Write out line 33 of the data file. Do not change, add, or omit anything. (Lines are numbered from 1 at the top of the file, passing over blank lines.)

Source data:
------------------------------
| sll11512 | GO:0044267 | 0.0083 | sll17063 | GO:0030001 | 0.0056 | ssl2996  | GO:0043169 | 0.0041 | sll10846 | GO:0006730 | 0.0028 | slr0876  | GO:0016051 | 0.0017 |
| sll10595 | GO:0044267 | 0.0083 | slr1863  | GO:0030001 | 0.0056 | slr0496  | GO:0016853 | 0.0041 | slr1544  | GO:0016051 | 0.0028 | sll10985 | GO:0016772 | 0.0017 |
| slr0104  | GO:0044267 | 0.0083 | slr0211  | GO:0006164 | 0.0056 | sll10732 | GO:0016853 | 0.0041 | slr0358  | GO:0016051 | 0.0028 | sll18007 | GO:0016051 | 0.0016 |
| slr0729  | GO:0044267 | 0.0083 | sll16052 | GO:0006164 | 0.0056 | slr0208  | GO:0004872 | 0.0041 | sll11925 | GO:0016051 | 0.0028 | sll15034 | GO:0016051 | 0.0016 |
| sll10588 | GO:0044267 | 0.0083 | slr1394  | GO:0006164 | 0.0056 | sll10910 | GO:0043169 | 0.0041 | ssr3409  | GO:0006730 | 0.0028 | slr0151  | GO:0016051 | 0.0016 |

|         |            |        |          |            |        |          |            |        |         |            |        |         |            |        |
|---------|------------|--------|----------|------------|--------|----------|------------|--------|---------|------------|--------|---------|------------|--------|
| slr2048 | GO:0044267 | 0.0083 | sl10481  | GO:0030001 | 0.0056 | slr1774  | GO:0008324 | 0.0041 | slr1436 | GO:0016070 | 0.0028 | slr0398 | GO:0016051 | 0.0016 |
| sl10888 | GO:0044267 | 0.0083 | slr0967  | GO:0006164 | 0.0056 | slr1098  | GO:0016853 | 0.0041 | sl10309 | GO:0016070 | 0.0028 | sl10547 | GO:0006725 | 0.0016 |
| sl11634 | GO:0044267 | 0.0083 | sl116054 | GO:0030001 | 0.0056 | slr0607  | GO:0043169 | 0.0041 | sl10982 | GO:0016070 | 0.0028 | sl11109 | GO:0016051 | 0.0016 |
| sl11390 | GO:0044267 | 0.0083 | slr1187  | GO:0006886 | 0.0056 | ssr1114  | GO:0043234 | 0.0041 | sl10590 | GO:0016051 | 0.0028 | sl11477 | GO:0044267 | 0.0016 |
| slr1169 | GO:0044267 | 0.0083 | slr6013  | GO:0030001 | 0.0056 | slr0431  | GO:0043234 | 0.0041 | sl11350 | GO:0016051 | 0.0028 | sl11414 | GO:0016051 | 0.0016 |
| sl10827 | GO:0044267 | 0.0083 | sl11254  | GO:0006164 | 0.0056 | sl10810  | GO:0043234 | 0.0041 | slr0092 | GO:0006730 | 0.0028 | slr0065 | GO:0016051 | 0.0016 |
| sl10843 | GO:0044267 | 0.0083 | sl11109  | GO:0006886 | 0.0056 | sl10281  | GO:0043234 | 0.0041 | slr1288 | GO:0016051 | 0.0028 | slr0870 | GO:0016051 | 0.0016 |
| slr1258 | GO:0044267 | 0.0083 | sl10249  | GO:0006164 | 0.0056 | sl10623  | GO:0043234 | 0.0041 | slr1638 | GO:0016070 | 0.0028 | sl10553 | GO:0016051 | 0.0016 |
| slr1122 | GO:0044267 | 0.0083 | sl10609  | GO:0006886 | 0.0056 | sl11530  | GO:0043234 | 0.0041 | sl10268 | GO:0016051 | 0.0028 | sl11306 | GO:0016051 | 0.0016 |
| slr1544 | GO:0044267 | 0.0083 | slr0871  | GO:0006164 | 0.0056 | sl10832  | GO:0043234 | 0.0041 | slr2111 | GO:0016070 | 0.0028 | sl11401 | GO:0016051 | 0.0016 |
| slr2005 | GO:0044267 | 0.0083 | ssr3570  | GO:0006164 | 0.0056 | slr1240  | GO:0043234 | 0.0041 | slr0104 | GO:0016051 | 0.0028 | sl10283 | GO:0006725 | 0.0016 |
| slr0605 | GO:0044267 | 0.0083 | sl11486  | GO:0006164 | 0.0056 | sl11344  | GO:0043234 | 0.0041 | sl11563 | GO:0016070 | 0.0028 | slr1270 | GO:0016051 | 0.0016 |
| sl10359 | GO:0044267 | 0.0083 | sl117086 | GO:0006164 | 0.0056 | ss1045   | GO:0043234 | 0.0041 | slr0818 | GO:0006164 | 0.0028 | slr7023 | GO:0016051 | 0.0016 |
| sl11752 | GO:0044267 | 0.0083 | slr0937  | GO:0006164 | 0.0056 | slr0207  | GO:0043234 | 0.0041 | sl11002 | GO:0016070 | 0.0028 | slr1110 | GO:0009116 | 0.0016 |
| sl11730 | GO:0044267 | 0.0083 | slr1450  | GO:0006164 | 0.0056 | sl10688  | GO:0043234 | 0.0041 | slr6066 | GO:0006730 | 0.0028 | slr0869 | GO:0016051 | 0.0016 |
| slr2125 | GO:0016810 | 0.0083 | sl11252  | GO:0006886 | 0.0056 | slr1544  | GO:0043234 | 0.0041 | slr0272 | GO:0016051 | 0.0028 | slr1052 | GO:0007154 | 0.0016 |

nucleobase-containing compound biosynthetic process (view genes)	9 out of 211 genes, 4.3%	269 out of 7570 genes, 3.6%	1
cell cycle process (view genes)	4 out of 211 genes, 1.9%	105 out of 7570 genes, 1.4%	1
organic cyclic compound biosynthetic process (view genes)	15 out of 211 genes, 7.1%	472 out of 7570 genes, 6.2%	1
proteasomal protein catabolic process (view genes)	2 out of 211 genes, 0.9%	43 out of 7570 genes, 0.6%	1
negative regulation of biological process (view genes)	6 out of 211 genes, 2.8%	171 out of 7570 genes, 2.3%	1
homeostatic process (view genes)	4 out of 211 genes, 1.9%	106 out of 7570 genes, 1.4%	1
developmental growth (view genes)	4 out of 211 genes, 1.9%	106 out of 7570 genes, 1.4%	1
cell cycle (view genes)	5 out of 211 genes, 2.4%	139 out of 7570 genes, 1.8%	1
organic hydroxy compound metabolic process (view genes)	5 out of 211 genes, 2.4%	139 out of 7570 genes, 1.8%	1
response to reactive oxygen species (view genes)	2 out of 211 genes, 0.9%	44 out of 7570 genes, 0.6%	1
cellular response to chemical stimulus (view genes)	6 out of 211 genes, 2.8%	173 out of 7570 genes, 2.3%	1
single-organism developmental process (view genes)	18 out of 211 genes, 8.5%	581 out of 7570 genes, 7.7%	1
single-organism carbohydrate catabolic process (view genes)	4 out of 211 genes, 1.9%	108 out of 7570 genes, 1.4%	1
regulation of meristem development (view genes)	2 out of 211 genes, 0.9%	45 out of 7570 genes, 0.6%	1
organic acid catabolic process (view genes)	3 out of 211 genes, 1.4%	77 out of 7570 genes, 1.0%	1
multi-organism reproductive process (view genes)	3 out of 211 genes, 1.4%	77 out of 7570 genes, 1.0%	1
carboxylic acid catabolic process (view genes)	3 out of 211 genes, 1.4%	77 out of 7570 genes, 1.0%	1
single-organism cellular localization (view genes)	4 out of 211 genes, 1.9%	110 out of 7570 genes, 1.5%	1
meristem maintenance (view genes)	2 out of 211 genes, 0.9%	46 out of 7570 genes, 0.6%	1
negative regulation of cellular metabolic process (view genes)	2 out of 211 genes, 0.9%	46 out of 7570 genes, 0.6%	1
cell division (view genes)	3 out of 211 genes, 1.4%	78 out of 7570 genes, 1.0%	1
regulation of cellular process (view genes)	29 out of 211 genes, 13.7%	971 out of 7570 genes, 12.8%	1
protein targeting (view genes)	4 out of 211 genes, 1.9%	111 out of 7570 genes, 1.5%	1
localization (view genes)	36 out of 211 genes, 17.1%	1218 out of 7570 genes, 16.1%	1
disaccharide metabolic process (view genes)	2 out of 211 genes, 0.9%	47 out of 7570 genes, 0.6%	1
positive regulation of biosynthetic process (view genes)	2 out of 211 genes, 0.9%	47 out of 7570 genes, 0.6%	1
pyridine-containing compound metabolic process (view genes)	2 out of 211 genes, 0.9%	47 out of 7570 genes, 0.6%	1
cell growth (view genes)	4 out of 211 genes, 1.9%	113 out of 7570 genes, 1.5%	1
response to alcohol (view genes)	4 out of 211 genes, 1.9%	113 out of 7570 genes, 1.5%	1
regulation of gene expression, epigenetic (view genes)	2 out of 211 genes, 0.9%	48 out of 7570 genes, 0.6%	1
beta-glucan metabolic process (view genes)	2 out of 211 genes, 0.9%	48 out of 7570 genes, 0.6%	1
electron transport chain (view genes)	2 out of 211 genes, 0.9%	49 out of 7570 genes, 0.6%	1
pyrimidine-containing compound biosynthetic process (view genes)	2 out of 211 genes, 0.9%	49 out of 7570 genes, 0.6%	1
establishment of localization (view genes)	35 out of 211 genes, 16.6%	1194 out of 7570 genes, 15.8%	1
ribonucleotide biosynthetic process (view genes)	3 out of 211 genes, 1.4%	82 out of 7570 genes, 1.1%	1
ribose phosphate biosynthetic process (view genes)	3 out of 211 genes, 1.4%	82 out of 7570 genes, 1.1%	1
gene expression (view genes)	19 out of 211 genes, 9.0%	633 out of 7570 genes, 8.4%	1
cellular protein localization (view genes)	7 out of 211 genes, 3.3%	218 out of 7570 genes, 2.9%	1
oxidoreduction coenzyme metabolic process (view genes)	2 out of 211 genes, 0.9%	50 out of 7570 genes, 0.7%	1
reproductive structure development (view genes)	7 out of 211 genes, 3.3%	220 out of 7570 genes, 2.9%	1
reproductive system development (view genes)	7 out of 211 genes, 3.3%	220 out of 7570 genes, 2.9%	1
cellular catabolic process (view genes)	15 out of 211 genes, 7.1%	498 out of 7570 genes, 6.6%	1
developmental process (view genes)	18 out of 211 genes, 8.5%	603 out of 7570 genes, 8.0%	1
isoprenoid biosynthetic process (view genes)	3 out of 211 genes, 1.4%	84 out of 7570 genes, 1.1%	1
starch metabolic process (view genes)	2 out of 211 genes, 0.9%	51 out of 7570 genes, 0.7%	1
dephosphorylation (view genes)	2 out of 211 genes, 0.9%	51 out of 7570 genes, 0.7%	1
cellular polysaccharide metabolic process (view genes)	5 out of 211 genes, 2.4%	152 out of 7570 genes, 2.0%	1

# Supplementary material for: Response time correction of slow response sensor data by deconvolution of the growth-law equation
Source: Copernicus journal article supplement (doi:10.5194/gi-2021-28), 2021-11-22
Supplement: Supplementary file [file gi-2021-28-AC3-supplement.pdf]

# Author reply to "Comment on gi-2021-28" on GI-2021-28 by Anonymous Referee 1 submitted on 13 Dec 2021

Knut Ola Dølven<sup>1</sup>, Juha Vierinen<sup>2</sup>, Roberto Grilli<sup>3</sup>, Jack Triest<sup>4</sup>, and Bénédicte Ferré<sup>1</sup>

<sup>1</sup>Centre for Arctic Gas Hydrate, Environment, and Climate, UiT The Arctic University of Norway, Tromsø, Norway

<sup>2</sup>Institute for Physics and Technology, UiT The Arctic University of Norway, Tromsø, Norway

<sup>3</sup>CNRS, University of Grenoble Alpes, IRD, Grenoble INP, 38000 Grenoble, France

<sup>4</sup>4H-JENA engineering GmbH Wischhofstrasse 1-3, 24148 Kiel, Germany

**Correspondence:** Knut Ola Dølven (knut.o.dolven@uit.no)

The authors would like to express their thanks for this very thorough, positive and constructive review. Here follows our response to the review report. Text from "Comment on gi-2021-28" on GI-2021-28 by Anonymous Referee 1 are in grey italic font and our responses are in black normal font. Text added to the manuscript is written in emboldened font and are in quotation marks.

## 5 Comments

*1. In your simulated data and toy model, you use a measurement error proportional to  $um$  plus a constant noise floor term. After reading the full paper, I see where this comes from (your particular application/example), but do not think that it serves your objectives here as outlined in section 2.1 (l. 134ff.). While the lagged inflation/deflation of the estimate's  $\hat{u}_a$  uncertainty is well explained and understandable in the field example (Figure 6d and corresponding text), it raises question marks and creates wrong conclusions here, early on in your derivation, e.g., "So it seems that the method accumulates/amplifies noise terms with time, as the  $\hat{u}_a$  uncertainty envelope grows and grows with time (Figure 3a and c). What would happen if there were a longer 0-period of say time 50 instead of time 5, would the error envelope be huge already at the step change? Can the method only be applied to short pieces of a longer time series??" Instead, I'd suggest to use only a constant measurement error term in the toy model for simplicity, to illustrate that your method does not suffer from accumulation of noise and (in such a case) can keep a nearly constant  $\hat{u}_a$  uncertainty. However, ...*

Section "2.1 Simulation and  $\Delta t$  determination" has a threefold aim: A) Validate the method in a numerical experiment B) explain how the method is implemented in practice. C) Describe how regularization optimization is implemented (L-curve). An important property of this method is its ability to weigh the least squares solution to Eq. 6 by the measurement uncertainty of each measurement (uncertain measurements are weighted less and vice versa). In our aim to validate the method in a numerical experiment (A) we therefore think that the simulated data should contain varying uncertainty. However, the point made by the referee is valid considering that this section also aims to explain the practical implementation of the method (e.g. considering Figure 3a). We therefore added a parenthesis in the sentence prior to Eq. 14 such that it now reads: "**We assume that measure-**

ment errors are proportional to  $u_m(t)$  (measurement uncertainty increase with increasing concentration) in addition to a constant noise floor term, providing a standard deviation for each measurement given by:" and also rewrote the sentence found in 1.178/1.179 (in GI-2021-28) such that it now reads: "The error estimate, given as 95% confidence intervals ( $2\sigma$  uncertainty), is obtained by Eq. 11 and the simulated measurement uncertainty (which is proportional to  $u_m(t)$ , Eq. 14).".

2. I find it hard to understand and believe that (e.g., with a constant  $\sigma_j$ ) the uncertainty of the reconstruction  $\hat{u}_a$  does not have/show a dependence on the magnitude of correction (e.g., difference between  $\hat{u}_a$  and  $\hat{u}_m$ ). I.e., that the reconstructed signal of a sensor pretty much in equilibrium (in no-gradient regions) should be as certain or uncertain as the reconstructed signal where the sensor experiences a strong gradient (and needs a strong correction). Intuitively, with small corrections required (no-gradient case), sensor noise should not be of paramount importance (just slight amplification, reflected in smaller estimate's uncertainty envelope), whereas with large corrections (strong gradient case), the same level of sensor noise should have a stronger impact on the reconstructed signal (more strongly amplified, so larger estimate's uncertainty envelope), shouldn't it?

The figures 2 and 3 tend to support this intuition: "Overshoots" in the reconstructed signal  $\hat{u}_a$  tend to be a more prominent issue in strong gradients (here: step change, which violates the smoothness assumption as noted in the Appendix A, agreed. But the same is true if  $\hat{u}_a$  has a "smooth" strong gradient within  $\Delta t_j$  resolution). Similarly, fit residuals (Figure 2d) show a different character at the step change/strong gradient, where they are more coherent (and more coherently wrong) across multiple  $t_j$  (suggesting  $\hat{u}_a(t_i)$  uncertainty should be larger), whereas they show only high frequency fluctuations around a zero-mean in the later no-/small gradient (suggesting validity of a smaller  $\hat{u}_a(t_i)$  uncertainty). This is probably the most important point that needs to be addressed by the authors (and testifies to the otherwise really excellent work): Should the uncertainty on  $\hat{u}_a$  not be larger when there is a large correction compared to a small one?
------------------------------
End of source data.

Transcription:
response to reactive oxygen species (view genes)	2 out of 211 genes, 0.9%	44 out of 7570 genes, 0.6%	1